The land use map from the 2013 Charlottesville Comprehensive Plan Credit: Credit: City of Charlottesville

The Charlottesville Planning Commission is set to resume work Tuesday on its revision of the city’s Comprehensive Plan, a document intended to guide local government decisions on issues such as growth and development.

As they do, some neighborhood leaders are seeking language that would lead to protection against the effects of a rising population.

“My neighbors are concerned about over development of Johnson Village,” said Heather Walker, president of that neighborhood association, referring to the recent construction of the Beacon on 5th apartment complex off Fifth Street Extended.

One component of the Comprehensive Plan is a land-use map that currently has seven categories ranging from yellow for “low density residential” to purple for “mixed-use.”

“The commission will continue working on the map and providing ranges for each of the ‘classifications,’” said Missy Creasy, the city’s planning manager.

Johnson Village is largely shaded yellow on the land-use map for low density residential, but the western side of Fifth Street is shaded orange for “high density residential.” That means that Beacon on 5th is consistent with the Comprehensive Plan.

Virginia law requires all localities to maintain and update a Comprehensive Plan for “the physical development of the territory within its jurisdiction.” The City Council last updated its plan in August 2013 and has directed a new revision be completed by the end of June 2018.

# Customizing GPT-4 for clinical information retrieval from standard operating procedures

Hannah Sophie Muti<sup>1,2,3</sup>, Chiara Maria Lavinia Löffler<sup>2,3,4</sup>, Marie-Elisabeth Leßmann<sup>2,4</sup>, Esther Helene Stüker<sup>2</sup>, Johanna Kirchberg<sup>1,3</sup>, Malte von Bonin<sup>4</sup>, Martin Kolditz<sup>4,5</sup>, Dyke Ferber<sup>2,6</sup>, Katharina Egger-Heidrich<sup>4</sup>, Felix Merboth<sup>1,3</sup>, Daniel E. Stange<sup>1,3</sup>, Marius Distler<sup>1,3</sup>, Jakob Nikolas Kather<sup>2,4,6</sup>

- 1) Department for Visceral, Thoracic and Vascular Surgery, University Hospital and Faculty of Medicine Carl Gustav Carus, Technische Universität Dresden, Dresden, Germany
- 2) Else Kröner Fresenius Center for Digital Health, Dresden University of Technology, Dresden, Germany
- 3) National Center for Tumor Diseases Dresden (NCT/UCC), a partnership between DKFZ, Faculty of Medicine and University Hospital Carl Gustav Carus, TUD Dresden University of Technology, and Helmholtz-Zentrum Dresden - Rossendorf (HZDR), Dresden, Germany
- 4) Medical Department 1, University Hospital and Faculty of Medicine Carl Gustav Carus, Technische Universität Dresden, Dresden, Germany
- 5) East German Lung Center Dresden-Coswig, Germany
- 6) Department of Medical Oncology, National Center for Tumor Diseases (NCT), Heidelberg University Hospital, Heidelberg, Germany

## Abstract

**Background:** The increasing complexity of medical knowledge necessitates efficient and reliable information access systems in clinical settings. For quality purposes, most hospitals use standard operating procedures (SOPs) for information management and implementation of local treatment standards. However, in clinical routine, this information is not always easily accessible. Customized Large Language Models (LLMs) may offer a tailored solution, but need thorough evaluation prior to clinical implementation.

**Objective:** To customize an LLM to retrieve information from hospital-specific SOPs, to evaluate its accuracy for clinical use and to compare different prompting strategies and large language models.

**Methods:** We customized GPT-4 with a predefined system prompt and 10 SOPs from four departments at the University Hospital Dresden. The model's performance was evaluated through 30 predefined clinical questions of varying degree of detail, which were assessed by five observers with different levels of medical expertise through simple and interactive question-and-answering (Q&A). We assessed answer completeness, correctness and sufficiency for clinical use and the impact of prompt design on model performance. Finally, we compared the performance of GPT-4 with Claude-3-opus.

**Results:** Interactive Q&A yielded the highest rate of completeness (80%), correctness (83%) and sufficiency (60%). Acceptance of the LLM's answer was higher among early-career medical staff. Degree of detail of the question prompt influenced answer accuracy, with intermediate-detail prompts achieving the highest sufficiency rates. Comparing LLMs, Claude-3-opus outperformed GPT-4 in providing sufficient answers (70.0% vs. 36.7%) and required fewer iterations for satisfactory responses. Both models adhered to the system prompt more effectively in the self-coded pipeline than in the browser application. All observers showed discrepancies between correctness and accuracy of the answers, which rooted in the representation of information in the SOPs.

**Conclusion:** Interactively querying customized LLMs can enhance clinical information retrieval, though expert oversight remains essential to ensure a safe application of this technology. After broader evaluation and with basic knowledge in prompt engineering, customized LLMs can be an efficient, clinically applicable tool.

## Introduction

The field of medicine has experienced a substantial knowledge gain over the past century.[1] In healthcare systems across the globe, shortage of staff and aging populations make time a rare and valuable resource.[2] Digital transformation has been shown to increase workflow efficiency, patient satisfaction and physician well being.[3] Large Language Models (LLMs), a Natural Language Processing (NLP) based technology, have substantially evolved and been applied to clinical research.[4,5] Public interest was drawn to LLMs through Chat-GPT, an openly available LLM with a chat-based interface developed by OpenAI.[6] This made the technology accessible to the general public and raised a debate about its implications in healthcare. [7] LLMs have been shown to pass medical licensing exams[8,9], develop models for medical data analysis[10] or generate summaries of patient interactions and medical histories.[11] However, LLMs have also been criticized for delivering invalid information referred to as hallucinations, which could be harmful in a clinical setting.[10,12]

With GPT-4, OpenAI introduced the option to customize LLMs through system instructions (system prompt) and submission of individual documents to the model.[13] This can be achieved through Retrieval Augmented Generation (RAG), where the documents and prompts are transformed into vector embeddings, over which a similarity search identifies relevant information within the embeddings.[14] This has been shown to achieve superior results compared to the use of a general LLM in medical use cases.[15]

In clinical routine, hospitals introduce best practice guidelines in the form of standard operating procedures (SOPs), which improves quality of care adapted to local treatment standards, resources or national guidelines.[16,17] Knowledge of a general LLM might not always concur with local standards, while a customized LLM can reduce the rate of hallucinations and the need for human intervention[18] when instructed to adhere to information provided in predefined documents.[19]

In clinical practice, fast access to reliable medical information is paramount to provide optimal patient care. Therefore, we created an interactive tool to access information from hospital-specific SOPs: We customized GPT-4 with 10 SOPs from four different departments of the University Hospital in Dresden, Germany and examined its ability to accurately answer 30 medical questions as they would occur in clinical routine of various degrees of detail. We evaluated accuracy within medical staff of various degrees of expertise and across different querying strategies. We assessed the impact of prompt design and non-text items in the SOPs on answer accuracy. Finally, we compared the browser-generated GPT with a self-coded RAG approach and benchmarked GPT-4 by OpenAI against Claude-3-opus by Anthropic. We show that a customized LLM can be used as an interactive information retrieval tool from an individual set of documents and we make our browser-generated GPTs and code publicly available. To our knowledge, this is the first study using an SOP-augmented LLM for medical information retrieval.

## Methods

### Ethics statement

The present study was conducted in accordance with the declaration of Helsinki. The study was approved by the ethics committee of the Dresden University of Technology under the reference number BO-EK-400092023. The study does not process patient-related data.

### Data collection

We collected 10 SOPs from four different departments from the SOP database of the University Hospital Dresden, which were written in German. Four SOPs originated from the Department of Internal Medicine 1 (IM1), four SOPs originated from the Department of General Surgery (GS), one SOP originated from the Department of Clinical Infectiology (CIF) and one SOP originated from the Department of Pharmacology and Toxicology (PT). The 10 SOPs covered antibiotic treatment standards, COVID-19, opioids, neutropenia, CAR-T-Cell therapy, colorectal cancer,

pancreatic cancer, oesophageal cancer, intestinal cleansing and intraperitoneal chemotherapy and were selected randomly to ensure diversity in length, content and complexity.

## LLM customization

The Planning Commission held numerous workshops over the spring and summer to get feedback on the plan’s update. They also met for several Friday mornings in September.

There is no set agenda for Tuesday’s meeting, which is set for 5 p.m. in the Department of Neighborhood Development Services conference room in City Hall. A second work session is scheduled for Wednesday at the same time and place. Meetings also are scheduled for Dec. 1 and 8, and both will begin at 11 a.m. in the conference room.

Most of the chapters from the 2013 plan have been updated by staff and are available for review on the city’s website. However, a draft chapter on land use in the city has not yet been marked up for the update.

“We are hopeful the map and supporting information will be closer to a version which can move forward for public comment,” Creasy said.

The draft chapter on housing includes a goal to “establish a series of incentives to create new, affordable, mixed-income, accessible and environmentally sustainable housing.”

To attain that goal, the draft then lists several actions that have either been taken by the council or is under consideration by the city’s Housing Advisory Committee. This includes a $75,000 landlord risk reduction plan approved by the council on Nov. 20.

Tom Bowe, president of the Kellytown Neighborhood Association, said he would like there to be a goal to “protect the integrity of city neighborhoods.”

“It seems like code is not a precise tool for dealing with the nuances of how neighborhoods and commercial development interact,” Bowe said, adding there is awareness of the Comprehensive Plan in his community due to a planned commercial building on Rose Hill Drive.